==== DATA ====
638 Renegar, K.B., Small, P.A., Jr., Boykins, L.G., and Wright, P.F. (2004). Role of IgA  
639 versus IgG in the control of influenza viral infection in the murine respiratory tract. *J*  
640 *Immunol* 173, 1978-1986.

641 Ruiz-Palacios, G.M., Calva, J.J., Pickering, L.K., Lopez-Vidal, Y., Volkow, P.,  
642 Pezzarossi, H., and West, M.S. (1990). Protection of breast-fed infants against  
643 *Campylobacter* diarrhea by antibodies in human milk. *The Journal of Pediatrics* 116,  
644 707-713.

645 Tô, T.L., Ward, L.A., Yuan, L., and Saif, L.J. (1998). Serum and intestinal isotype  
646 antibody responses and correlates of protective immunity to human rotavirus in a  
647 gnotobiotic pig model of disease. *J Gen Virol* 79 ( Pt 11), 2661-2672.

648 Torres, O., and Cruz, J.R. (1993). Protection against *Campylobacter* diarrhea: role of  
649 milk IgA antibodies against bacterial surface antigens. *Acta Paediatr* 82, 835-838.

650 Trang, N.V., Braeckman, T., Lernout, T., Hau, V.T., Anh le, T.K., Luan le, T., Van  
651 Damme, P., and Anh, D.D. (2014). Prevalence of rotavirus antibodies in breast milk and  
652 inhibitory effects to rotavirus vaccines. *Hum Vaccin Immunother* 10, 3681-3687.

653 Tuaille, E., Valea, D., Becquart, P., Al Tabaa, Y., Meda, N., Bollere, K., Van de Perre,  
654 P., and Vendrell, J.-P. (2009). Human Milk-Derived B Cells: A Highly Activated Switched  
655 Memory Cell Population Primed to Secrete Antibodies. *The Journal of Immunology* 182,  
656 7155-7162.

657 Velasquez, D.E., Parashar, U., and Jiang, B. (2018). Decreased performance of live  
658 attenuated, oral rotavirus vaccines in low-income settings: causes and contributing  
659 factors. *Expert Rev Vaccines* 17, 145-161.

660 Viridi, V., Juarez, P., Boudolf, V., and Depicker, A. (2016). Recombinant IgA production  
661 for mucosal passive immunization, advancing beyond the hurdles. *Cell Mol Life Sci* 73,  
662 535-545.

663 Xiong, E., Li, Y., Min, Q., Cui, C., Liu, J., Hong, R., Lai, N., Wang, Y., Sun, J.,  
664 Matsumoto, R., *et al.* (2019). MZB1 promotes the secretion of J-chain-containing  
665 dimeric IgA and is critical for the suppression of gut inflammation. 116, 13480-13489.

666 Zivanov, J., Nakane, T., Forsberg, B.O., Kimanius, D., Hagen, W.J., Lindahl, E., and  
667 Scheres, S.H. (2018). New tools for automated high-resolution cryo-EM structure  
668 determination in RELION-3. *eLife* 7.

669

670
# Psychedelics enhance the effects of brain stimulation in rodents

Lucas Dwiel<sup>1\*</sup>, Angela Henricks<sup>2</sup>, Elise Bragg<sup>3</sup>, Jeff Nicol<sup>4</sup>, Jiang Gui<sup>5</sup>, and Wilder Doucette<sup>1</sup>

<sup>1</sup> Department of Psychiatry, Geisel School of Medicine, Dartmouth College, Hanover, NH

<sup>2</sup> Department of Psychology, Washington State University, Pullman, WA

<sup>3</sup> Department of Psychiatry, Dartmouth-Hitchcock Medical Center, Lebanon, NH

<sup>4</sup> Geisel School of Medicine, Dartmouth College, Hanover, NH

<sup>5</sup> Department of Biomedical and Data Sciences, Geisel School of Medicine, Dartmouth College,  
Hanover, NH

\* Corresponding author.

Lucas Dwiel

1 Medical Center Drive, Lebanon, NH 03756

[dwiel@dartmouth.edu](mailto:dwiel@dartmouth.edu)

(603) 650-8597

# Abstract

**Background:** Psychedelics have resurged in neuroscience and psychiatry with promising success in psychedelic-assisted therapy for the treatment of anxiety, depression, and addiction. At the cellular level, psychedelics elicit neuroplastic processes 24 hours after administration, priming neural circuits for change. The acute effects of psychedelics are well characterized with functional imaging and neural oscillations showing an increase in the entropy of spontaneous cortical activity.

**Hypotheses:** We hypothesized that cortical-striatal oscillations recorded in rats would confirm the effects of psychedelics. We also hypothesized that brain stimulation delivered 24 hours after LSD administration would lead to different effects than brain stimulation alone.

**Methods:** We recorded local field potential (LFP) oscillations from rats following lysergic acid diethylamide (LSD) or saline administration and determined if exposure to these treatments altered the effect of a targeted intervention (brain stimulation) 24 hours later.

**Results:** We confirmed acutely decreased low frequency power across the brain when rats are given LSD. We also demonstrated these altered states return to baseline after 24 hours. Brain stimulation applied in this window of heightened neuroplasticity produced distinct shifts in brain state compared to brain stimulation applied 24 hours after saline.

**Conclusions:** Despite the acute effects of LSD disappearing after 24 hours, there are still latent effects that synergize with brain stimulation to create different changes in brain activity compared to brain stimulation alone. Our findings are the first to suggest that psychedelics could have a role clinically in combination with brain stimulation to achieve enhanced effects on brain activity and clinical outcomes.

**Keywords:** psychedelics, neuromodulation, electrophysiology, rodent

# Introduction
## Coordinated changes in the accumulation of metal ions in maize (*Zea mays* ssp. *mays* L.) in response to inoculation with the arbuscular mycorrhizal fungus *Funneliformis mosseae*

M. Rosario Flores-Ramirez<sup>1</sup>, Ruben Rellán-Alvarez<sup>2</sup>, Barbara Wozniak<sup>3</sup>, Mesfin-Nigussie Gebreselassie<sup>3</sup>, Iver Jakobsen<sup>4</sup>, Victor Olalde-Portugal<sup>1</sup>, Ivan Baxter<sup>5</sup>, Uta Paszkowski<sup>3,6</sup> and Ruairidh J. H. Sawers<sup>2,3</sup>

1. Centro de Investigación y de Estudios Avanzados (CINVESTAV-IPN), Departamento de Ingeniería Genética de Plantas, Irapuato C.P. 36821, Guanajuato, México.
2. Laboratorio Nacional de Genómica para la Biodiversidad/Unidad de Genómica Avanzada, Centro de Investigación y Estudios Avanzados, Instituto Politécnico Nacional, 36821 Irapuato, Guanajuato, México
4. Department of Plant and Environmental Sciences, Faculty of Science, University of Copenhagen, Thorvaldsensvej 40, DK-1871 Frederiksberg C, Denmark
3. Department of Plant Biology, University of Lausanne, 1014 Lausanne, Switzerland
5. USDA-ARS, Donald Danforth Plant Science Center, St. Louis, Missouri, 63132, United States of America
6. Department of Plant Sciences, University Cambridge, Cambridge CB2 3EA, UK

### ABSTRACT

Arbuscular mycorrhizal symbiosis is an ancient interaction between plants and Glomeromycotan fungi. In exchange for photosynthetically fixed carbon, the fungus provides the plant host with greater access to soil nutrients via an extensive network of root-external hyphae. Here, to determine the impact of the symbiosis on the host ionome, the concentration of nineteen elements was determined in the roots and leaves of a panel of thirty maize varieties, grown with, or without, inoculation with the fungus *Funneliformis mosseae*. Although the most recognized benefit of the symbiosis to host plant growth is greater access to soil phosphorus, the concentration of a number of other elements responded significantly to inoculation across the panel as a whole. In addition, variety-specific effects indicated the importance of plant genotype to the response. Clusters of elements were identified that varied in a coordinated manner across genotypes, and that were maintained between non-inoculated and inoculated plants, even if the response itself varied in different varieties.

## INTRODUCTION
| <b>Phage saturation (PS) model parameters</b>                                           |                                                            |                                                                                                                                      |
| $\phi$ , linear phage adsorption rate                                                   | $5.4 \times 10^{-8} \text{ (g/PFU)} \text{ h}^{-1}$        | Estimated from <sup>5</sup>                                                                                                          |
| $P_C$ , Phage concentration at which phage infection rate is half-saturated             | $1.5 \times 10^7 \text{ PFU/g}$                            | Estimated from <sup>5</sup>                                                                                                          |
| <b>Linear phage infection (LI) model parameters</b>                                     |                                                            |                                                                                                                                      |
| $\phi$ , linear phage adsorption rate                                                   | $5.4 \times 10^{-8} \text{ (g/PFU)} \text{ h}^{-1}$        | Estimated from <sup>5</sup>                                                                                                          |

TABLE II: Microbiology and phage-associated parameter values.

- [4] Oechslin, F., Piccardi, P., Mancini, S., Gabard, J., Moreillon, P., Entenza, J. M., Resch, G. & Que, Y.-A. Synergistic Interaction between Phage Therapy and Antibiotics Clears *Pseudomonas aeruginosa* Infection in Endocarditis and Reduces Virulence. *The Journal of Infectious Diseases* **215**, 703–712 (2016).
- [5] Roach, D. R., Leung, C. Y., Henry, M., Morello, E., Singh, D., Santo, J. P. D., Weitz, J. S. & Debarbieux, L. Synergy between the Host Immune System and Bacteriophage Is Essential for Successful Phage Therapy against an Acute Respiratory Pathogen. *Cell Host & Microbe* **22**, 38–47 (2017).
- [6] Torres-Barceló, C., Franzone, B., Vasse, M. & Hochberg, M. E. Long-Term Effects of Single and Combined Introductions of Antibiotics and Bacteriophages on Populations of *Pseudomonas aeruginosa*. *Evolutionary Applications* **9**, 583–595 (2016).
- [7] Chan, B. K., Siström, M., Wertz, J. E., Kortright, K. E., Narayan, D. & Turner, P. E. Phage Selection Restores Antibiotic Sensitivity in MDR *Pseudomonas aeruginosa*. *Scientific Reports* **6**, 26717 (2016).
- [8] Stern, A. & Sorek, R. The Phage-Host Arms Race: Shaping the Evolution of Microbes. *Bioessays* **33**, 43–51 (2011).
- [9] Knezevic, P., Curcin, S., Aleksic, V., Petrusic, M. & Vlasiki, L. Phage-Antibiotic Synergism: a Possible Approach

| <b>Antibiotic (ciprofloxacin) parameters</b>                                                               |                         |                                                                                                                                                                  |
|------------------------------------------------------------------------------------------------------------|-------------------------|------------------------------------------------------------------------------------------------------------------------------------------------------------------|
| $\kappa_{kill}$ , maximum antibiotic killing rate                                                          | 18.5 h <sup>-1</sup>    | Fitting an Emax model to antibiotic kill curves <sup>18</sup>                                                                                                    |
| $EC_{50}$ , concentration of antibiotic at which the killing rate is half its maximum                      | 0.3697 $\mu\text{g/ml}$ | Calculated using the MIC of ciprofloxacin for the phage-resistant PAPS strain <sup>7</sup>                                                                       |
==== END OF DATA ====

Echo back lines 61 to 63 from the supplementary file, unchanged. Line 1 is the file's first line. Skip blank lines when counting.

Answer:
5. USDA-ARS, Donald Danforth Plant Science Center, St. Louis, Missouri, 63132, United States of America
6. Department of Plant Sciences, University Cambridge, Cambridge CB2 3EA, UK

### ABSTRACT